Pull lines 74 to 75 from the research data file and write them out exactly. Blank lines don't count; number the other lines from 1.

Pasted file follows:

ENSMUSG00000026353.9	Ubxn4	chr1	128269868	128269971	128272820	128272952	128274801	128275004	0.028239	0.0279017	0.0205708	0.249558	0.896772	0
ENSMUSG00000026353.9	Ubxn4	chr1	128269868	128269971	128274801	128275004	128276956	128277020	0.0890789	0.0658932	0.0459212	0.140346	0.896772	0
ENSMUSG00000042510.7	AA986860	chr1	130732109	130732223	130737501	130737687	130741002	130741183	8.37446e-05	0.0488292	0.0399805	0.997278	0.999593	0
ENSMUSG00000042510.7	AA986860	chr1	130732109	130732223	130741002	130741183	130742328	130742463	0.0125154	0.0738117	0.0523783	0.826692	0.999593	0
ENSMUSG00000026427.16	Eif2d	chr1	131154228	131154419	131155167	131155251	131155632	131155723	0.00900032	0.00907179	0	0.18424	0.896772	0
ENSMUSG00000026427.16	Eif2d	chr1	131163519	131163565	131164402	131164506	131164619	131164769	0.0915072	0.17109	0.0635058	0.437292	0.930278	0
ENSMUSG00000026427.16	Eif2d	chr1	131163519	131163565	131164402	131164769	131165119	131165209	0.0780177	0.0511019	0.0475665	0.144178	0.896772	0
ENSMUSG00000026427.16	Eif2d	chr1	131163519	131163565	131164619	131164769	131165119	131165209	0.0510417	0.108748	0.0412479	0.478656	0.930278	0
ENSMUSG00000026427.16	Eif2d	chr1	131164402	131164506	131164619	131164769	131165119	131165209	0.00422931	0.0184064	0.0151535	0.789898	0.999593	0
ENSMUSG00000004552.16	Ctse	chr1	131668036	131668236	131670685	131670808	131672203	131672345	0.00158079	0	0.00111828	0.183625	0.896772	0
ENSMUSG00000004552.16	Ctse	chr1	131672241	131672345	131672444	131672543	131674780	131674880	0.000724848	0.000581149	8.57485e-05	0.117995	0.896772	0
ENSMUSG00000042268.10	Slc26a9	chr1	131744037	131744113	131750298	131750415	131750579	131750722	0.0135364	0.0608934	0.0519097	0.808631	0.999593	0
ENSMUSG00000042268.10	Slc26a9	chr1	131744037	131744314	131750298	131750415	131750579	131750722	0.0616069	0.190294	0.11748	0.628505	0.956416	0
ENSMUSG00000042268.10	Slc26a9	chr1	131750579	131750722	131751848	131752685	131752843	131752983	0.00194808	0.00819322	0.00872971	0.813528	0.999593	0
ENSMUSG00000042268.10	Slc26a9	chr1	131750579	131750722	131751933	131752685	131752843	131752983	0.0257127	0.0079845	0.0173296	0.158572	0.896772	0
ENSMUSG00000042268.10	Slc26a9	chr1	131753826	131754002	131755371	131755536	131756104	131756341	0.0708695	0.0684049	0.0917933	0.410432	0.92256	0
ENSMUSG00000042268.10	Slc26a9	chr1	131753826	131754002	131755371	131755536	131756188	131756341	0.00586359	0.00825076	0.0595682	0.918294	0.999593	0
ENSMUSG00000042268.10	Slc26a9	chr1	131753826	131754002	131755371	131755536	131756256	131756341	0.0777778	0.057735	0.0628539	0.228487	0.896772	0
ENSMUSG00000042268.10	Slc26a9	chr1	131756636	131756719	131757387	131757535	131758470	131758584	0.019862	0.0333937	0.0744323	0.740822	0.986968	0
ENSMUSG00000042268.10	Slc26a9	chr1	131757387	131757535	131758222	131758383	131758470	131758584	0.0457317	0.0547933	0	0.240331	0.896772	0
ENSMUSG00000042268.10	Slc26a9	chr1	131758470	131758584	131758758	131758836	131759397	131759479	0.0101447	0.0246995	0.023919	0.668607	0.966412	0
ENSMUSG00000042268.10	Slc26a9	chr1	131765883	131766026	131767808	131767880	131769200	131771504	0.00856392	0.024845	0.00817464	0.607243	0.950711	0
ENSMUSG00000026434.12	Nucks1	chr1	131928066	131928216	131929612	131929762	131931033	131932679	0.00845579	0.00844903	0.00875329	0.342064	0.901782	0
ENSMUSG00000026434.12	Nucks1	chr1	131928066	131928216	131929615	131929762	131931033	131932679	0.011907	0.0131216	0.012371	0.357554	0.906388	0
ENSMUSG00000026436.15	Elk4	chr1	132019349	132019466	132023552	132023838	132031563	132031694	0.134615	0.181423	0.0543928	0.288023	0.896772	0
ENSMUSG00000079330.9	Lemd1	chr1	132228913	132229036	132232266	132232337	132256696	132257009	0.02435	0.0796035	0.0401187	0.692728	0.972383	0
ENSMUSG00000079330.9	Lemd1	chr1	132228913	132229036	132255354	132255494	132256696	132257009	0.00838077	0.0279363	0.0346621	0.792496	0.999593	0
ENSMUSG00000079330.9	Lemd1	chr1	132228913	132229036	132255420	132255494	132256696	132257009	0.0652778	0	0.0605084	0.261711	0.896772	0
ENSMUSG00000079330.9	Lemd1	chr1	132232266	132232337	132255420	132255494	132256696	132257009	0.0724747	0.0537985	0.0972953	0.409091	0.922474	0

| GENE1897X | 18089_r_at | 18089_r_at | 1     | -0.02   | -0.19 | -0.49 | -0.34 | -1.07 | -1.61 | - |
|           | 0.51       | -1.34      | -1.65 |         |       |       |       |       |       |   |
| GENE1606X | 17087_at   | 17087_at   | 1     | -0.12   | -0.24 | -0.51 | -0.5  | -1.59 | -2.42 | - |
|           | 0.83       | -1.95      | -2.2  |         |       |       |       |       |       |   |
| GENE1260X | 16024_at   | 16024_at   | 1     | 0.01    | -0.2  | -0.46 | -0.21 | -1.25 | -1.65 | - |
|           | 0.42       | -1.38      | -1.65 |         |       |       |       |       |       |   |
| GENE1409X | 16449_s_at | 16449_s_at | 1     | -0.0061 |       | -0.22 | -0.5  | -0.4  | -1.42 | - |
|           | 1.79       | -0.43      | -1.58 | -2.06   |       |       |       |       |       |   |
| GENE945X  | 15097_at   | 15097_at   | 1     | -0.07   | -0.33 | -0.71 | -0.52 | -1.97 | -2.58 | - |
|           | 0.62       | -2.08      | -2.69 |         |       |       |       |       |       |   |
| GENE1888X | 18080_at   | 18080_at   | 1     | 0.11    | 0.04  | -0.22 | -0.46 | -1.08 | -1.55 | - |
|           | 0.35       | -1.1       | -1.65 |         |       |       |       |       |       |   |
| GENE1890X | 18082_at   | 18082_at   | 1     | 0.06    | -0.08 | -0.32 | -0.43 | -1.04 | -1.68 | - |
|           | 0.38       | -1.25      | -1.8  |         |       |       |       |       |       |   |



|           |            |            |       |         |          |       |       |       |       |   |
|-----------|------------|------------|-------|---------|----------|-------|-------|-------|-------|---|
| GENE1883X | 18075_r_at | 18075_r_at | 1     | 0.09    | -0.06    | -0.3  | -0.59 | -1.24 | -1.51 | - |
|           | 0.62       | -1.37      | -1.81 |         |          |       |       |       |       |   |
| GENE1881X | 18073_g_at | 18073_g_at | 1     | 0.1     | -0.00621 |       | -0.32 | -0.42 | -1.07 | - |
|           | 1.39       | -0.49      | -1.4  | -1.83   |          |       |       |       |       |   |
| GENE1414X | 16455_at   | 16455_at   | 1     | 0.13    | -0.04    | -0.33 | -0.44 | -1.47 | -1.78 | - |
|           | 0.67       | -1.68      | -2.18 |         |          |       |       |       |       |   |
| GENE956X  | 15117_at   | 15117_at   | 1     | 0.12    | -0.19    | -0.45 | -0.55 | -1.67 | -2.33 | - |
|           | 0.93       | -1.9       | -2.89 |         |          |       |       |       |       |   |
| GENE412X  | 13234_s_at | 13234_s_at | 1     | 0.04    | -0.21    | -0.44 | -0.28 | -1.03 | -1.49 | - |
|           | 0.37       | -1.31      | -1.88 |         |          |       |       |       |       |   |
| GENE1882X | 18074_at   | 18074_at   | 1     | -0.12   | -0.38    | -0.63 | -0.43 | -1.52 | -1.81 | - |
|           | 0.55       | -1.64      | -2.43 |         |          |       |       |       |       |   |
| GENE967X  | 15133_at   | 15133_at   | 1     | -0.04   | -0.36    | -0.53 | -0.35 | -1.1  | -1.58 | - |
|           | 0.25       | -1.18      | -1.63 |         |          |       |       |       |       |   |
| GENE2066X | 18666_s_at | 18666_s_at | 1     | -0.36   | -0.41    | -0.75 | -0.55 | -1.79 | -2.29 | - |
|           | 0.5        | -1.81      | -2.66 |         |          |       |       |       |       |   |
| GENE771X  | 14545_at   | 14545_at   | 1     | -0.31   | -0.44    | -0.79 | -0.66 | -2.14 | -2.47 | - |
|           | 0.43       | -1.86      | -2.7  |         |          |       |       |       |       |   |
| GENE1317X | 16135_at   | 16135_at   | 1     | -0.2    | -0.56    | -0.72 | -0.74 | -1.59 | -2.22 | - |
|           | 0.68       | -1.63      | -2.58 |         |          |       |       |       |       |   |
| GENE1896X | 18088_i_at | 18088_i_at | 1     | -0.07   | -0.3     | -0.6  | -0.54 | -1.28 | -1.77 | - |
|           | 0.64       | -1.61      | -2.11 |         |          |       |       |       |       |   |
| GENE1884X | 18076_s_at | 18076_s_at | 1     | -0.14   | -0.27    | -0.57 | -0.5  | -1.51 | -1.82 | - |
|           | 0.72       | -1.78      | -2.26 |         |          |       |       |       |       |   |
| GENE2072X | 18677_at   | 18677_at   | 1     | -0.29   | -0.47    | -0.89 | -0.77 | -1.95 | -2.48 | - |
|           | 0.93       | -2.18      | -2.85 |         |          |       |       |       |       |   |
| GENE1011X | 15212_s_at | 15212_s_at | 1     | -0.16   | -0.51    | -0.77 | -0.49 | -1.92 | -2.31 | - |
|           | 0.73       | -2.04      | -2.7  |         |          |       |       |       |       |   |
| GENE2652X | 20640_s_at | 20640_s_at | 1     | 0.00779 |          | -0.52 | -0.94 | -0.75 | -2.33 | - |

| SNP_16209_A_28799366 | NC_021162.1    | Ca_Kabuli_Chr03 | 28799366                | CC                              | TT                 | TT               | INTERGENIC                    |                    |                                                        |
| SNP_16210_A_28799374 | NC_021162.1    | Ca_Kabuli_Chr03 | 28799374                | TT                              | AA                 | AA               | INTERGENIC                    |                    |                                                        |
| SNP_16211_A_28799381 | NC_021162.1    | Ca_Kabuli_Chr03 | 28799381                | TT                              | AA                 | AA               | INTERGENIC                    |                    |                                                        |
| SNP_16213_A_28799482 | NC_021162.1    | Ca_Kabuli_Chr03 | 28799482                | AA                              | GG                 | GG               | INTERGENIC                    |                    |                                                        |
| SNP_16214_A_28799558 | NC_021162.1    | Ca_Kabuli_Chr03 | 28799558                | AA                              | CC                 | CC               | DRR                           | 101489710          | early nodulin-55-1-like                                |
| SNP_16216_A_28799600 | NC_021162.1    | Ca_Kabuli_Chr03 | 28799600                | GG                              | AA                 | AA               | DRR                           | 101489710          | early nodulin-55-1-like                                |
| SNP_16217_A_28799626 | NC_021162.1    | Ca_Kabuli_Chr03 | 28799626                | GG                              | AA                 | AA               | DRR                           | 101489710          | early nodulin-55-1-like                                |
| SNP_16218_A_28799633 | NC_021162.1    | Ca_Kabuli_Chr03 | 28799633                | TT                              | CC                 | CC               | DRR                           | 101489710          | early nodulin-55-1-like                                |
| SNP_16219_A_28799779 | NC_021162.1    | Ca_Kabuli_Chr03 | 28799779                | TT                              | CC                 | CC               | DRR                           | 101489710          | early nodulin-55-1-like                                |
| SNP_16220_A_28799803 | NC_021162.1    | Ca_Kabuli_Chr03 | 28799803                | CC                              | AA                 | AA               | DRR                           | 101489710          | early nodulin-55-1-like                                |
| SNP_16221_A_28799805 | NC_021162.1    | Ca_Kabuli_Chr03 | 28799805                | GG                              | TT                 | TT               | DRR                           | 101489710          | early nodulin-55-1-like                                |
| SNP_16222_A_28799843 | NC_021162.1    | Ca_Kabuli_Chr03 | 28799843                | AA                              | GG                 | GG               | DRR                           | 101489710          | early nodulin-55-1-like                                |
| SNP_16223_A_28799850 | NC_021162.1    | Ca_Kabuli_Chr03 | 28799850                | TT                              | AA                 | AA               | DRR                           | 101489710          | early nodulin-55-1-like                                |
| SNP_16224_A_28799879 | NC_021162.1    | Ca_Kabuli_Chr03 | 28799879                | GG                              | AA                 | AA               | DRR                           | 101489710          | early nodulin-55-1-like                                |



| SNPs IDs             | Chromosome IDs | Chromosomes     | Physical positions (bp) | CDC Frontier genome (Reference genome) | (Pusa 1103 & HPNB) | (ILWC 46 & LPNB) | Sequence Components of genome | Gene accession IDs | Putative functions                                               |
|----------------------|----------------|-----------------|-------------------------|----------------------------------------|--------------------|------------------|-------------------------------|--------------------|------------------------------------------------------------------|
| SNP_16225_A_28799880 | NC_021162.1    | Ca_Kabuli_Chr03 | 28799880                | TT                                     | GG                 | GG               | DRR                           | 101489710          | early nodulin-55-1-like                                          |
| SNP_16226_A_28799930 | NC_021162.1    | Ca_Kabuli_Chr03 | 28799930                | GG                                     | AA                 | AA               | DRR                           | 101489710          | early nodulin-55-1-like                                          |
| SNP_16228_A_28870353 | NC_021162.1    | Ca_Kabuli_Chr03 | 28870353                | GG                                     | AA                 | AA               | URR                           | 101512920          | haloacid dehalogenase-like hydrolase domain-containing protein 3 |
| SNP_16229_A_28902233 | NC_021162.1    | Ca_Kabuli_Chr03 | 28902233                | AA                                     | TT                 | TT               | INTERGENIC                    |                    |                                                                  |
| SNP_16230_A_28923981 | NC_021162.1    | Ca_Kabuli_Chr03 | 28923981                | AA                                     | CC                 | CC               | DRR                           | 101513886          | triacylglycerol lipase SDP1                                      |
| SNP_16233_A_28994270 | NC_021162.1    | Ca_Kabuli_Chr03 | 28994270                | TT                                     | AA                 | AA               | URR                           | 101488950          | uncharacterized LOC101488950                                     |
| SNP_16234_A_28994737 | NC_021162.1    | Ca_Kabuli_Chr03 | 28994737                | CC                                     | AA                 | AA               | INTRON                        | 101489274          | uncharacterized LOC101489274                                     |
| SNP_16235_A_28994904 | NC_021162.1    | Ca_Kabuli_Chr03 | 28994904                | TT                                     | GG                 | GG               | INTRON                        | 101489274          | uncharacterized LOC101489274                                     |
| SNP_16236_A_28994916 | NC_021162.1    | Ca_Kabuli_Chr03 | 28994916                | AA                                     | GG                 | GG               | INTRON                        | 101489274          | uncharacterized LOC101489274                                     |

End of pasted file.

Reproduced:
| GENE2652X | 20640_s_at | 20640_s_at | 1     | 0.00779 |          | -0.52 | -0.94 | -0.75 | -2.33 | - |

| SNP_16209_A_28799366 | NC_021162.1    | Ca_Kabuli_Chr03 | 28799366                | CC                              | TT                 | TT               | INTERGENIC                    |                    |                                                        |